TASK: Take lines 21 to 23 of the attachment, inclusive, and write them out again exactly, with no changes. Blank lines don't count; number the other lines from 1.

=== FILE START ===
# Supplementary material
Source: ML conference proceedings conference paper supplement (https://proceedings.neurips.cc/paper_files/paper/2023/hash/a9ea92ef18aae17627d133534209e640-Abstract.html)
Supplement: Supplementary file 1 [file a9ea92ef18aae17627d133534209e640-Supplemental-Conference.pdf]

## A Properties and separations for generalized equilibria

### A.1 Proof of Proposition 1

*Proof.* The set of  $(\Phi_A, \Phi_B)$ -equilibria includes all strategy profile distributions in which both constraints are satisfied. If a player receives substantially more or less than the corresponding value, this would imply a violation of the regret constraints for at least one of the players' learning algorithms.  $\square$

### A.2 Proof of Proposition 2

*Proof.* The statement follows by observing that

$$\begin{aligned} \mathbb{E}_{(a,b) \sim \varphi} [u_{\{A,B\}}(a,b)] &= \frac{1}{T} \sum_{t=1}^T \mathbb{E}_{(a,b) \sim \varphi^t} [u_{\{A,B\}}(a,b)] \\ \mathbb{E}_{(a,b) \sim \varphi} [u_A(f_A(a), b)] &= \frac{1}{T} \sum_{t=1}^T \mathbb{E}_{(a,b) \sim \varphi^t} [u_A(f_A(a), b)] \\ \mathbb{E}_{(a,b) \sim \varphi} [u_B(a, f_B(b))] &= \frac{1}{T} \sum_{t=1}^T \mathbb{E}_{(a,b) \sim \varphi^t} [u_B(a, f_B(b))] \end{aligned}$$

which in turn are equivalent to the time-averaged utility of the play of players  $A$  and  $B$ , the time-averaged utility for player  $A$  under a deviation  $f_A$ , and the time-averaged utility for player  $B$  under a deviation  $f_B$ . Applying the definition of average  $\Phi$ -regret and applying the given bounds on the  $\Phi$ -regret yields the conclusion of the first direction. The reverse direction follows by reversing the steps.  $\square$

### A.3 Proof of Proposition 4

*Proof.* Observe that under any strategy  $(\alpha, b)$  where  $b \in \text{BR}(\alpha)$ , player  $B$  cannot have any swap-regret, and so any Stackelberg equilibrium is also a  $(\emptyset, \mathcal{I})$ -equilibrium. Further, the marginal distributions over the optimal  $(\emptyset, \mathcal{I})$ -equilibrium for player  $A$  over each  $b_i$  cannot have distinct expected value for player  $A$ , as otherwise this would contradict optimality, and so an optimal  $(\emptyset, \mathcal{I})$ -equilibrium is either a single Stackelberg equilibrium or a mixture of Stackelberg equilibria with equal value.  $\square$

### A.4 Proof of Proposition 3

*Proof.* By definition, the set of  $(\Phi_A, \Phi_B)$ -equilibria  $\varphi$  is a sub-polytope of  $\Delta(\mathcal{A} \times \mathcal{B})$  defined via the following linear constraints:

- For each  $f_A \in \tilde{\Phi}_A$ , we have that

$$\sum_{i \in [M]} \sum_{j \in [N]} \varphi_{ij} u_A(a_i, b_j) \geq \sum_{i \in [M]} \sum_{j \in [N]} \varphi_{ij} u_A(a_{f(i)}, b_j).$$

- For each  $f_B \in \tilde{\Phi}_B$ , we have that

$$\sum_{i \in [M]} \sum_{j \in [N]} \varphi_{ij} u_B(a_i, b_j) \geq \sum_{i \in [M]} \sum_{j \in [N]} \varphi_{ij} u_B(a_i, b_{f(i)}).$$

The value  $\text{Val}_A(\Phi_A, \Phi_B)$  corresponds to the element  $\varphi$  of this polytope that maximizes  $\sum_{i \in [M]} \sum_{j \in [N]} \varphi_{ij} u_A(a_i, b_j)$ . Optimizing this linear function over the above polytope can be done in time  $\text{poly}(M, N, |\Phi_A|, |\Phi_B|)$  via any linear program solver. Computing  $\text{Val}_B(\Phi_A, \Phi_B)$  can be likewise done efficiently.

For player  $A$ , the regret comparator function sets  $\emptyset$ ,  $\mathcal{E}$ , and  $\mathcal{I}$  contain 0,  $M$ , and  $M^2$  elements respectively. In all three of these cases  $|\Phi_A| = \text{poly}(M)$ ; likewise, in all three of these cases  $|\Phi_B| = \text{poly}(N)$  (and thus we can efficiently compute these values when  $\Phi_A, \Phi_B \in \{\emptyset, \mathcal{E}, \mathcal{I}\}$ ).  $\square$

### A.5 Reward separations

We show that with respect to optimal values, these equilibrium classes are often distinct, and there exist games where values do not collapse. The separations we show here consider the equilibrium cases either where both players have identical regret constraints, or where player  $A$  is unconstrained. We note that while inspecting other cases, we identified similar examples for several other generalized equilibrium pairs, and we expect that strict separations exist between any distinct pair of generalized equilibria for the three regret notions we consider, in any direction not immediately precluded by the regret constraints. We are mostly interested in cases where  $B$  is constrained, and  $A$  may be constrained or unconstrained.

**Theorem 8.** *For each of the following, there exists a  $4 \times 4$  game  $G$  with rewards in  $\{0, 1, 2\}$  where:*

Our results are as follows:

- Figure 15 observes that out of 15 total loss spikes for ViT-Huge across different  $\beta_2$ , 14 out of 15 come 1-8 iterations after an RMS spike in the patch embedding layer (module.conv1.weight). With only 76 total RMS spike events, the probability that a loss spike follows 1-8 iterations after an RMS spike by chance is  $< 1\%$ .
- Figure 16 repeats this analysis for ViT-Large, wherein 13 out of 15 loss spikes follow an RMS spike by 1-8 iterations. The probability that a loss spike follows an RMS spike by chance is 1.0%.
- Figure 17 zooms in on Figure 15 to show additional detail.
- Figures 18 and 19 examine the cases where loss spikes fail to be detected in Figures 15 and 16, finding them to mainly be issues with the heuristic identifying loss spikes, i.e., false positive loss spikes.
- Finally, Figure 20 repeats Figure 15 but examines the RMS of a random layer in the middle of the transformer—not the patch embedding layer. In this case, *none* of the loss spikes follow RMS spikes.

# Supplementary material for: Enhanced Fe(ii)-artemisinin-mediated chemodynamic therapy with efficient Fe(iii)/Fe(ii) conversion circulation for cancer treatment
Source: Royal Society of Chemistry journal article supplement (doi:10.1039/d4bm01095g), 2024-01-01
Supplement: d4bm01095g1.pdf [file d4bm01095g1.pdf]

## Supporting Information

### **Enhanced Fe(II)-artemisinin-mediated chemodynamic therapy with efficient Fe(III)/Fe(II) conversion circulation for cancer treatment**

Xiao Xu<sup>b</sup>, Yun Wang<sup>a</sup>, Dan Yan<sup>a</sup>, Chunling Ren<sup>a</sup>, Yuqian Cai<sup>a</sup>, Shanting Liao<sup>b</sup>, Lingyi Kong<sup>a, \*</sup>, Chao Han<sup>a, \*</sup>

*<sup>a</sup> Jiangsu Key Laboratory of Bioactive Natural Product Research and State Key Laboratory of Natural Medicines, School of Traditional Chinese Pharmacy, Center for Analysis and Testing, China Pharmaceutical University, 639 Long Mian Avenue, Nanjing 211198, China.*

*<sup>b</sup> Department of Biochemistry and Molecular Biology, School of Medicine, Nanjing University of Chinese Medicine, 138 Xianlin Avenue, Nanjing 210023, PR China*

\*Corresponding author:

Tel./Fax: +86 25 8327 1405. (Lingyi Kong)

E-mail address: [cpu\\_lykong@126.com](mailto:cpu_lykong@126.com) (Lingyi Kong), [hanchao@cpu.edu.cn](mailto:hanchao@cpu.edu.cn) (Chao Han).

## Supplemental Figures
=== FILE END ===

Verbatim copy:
### A.5 Reward separations

We show that with respect to optimal values, these equilibrium classes are often distinct, and there exist games where values do not collapse. The separations we show here consider the equilibrium cases either where both players have identical regret constraints, or where player  $A$  is unconstrained. We note that while inspecting other cases, we identified similar examples for several other generalized equilibrium pairs, and we expect that strict separations exist between any distinct pair of generalized equilibria for the three regret notions we consider, in any direction not immediately precluded by the regret constraints. We are mostly interested in cases where  $B$  is constrained, and  $A$  may be constrained or unconstrained.

**Theorem 8.** *For each of the following, there exists a  $4 \times 4$  game  $G$  with rewards in  $\{0, 1, 2\}$  where:*